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Postcards from Travel Near and Far by Jia-Rui

90012, Chinatown


Chinese nine-man volleyball tournament

Chinese nine-man volleyball tournament

Dear ——-,

This weekend, hundreds of guys scrambled across the sizzling blacktop playing the distinctive nine-man style of volleyball traditionally popular in Chinatowns across the country. The court is wider, the net is lower and players can pretty much do anything to get the ball to the other side. When I took a break playing in the traditional six-woman games in the North American Chinese Invitational Volleyball Tournament to watch the men, I thought the matches were unpredictable and exciting. I love that the game traces its American roots to Chinese laundry workers in the 1930s and that one of its purposes now is to bring young suburban Chinese Americans into the heart of Chinatown. (It worked on me!) While I had a great time playing in the tournament, I did feel a little weird about the rules that two-thirds of the players on the court must be of “100% Chinese” descent and the other players must be Asian. Can they make rules like that?


Author: postmarkhere

I'm a journalist based in Los Angeles who has always said that writing postcards for a living would be a dream job. The posts -- short enough to fit on an actual postcard -- chronicle recent travels near and far. I could blab on about being inspired by epistolary novels, the short poems of Emily Dickinson, and the New Yorker's "Talk of the Town" pieces, but I'll just say that I'm aiming to give you a sense of flavor of a place without boring you to death. Wish you were here!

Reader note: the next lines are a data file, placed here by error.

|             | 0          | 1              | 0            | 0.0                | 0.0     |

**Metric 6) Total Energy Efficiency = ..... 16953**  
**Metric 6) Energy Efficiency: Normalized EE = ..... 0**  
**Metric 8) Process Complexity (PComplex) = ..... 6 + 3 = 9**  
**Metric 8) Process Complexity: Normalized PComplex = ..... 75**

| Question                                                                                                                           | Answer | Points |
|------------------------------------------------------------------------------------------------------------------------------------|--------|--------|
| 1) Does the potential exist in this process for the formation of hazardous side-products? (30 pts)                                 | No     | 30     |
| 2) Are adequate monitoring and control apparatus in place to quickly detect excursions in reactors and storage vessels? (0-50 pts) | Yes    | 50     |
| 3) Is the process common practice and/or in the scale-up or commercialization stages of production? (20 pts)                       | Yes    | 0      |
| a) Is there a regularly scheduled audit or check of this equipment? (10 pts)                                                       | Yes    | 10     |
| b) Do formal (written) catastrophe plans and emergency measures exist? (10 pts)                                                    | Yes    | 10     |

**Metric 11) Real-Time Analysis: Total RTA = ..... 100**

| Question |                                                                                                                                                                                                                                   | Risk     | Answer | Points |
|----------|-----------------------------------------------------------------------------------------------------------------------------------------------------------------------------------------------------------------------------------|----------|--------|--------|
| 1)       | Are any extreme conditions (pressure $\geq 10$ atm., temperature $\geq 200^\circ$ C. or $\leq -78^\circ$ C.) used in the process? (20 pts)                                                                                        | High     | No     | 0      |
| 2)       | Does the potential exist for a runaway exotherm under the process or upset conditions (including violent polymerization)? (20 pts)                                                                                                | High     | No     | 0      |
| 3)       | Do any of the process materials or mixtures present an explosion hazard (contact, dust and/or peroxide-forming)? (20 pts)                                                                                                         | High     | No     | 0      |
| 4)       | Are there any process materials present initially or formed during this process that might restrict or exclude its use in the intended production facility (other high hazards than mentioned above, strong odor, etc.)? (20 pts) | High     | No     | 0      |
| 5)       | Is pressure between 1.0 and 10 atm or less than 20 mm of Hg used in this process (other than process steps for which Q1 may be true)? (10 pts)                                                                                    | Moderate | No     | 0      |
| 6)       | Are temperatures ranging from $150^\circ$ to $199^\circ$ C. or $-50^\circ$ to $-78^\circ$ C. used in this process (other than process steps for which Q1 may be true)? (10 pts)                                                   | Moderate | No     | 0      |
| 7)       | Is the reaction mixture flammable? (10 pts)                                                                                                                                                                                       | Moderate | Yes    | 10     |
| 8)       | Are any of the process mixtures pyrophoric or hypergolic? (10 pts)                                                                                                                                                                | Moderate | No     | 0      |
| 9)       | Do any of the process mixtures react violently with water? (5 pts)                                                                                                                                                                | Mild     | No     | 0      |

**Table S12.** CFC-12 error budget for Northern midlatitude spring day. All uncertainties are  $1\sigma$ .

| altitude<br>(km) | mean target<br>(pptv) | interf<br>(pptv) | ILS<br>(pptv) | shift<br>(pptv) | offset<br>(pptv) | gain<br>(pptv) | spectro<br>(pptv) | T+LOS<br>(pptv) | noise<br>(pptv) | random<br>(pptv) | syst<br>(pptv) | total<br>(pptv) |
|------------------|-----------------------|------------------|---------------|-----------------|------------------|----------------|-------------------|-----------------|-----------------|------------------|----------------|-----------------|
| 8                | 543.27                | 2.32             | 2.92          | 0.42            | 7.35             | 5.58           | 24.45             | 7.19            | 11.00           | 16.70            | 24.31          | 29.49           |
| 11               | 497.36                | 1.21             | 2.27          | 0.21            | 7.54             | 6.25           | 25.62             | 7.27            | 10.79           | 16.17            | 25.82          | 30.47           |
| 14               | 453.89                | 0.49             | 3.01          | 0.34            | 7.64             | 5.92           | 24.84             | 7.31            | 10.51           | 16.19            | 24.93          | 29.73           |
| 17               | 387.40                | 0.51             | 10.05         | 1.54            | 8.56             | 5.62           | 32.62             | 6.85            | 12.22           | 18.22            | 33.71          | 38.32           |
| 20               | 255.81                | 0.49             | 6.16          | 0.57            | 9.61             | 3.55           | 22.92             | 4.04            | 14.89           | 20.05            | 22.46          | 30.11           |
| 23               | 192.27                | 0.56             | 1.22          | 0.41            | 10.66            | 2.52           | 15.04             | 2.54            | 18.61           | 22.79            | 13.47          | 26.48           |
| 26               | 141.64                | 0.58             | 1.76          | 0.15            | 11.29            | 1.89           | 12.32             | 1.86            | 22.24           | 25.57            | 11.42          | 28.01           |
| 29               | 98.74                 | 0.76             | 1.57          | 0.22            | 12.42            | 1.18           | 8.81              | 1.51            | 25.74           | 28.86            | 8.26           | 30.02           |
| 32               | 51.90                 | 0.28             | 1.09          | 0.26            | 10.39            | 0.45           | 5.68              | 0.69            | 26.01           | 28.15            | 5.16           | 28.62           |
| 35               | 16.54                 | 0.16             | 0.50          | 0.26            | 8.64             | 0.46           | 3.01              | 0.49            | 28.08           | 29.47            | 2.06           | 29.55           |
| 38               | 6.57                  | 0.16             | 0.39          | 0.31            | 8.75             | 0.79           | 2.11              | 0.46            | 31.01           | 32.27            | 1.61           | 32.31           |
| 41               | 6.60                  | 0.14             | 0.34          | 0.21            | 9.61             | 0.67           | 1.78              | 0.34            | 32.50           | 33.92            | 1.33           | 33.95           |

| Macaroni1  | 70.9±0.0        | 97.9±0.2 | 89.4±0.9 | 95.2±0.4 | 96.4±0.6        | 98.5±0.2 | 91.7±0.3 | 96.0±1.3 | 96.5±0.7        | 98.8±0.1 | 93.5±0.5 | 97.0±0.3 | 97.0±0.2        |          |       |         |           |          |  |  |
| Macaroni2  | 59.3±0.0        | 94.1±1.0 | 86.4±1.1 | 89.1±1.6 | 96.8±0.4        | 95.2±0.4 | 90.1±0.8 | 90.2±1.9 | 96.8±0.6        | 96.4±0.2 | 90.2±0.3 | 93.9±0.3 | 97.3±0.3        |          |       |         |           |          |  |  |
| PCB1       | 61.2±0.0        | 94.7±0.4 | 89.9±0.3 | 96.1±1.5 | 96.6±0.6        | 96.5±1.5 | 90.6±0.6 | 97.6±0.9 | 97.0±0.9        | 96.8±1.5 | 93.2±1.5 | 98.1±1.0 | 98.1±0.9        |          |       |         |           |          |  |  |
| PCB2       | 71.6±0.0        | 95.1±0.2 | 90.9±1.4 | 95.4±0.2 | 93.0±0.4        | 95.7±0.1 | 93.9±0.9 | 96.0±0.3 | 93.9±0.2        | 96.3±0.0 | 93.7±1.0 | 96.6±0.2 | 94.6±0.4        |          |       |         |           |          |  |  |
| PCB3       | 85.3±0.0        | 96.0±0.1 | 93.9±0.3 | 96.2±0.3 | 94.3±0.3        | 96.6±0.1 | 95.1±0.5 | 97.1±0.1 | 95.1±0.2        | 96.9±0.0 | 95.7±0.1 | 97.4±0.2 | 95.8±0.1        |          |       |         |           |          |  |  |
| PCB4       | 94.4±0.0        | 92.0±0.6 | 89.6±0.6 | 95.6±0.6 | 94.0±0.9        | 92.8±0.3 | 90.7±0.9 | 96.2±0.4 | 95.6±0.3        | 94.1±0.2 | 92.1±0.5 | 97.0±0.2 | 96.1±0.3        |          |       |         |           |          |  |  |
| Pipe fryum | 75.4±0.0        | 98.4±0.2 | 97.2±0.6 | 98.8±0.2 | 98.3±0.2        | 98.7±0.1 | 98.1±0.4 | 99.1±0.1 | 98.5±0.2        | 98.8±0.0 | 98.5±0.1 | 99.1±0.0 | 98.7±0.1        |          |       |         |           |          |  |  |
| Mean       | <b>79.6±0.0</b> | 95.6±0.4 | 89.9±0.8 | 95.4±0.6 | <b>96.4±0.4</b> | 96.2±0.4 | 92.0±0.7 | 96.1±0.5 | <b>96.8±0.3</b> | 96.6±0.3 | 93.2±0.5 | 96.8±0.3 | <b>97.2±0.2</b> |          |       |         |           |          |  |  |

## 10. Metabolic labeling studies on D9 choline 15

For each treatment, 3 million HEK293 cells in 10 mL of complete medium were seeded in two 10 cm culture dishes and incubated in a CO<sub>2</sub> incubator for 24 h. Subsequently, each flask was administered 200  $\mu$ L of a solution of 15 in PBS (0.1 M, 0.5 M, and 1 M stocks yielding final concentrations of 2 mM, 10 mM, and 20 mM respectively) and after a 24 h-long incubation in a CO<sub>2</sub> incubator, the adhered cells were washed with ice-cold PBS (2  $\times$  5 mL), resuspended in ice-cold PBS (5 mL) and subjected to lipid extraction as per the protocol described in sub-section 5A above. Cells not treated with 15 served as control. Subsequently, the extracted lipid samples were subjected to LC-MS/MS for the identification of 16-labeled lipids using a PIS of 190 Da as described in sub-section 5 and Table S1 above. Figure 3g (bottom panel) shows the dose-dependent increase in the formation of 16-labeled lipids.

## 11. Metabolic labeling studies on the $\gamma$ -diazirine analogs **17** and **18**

2 thoughts on “90012, Chinatown

  1. That rule does seem really rough – as a Eurasian person, it’s hard not to feel targeted as “less authentic.” It would be interesting to hear if they had a history of being swamped by whitey, or if this was pre-emptive.

  2. I don’t know what was driving the rules, besides some larger goal of encouraging Chinese people to socialize with each other. It made me kind of sad to think that if my hypothetical kids wanted to play in this tournament, then they wouldn’t be allowed to qualify under the “100% Chinese” rule. There is some weird rule that grandfathers in other Asian people that played in the tournament before 1991. Those people get to be considered “Chinese.” So maybe the rules have gotten more strict rather than less as the country has gotten more diverse?

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